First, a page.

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Wrong, not bad

I would be most interested in what would be the next stage of the behaviour management system advocated by Joanna Mitchell (Letters, November 24). She omits to say which procedures should be put in place after telling a child that "he is bad". Indeed, she does not say how this accusation, in practice, gives him "a chance to be good".

Ms Mitchell's attitude contrasts with what most experienced teachers know, and sound educational research shows - that a good relationship between the teacher and the behaviourally difficult child is paramount in "mking a difference". In addition, our profession demands that we teach mutual trust and respect; it does not give us the right to apportion blame. It is the behaviour that is bad - not the child; and the child has to know that.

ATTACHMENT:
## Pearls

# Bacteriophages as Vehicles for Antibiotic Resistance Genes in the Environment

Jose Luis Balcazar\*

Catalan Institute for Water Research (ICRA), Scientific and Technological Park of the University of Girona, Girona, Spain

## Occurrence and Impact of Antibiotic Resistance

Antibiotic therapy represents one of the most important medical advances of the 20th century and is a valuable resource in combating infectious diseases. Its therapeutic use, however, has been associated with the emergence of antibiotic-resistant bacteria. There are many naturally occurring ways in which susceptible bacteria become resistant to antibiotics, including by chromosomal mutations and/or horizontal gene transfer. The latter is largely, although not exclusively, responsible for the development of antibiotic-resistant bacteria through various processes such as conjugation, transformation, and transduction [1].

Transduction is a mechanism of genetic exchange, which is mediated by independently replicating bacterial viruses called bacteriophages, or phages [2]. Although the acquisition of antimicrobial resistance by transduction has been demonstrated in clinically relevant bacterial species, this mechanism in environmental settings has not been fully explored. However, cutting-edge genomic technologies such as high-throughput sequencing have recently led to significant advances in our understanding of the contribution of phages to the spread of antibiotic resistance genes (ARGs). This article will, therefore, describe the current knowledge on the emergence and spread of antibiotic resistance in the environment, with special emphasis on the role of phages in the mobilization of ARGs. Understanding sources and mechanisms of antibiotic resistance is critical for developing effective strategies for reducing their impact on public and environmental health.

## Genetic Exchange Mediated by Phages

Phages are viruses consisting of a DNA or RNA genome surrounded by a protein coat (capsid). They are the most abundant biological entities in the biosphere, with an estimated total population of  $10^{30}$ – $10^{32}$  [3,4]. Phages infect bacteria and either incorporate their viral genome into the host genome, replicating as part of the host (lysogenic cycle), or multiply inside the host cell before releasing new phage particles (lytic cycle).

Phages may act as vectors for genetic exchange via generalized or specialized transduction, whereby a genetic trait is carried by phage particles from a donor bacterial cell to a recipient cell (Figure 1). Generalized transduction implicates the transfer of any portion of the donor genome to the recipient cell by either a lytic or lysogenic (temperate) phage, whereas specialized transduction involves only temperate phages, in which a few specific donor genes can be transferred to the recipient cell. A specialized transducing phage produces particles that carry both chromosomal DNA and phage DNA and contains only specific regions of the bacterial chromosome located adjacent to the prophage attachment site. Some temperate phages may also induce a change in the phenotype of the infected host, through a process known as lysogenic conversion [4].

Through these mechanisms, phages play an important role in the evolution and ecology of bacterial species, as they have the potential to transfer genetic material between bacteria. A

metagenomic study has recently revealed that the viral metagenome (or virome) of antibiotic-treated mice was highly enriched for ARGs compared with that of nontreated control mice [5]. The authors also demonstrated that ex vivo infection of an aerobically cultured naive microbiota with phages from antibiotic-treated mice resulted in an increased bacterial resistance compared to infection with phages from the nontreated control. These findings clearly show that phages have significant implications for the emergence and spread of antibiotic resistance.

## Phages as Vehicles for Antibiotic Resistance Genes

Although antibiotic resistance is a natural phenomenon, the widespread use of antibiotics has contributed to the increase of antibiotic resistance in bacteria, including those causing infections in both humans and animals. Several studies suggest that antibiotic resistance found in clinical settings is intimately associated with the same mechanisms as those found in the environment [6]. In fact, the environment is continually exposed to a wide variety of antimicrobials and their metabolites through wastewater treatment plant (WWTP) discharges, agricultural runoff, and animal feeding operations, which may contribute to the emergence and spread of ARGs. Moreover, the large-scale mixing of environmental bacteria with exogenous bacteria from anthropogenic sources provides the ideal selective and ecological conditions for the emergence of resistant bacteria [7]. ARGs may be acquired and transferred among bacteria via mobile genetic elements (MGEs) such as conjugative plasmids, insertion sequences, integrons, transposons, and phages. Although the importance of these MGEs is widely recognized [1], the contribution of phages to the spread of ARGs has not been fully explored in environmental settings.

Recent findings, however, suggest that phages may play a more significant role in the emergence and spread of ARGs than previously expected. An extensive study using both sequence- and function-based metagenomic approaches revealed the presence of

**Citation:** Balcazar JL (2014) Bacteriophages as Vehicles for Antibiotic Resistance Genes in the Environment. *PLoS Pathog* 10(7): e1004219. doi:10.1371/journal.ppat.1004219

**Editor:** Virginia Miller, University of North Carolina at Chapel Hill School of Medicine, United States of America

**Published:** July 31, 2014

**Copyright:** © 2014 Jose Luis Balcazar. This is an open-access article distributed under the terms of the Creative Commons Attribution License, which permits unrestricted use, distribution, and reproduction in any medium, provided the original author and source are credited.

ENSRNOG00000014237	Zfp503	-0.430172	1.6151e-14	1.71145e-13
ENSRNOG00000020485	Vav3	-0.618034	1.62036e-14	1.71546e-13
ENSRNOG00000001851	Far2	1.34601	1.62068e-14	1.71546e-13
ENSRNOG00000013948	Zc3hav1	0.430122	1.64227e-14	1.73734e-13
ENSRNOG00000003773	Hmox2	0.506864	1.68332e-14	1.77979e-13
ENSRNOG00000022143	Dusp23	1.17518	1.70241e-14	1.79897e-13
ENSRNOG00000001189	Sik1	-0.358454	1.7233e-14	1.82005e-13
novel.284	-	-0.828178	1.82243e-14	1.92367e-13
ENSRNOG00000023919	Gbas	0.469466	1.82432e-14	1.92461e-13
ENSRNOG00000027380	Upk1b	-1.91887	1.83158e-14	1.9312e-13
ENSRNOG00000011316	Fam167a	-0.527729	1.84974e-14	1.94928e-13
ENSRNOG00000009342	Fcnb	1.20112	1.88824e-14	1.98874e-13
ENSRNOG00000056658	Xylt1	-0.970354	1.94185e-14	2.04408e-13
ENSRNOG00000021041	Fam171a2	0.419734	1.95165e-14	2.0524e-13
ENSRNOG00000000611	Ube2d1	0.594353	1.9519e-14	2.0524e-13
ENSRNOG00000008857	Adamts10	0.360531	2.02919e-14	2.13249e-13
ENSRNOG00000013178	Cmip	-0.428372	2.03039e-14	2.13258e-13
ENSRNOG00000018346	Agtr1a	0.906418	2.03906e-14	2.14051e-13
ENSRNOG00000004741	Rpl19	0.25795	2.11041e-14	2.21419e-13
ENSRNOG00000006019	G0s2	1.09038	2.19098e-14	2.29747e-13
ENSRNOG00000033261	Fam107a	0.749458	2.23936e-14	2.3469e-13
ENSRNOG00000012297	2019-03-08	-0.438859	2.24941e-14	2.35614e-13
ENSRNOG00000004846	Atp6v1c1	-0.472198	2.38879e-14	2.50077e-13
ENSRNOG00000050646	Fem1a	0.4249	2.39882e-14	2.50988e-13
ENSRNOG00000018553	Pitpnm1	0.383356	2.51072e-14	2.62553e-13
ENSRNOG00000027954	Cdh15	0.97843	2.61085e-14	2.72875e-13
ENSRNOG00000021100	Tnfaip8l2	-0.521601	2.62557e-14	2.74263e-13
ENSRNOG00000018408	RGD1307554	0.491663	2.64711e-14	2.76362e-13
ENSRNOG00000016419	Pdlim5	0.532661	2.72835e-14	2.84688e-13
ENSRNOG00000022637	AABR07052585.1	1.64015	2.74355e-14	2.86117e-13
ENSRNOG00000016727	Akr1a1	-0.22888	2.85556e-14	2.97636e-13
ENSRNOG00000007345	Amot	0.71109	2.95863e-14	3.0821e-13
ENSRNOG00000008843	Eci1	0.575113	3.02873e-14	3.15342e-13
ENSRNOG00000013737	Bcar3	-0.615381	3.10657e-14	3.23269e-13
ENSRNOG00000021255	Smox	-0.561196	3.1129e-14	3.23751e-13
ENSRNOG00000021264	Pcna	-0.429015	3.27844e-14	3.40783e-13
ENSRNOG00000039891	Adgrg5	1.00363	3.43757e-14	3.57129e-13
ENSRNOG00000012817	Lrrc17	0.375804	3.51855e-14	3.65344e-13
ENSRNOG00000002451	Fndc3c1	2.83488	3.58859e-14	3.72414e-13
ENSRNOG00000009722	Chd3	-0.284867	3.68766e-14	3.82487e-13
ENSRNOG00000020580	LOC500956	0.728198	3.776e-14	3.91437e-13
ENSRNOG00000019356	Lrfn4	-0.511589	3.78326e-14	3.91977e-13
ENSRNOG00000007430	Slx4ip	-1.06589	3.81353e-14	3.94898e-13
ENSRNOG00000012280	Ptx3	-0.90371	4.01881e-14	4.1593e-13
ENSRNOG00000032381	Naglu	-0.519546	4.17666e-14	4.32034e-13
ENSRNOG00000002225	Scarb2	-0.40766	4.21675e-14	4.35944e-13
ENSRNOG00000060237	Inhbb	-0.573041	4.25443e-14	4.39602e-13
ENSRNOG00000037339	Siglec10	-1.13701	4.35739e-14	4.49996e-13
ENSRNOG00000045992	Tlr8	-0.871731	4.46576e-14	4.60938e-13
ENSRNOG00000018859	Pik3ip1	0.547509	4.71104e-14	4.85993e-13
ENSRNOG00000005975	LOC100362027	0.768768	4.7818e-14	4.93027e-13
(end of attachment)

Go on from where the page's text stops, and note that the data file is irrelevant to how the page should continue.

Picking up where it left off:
If someone had told me continuously over the last decade that I was a "bad" teacher, it would certainly not have transformed me into a well-balanced, happy, "good" teacher. I would have done all I could to escape. But one positive comment might just have given me some hope

Linda Adams

Auchnagatt, Ellon

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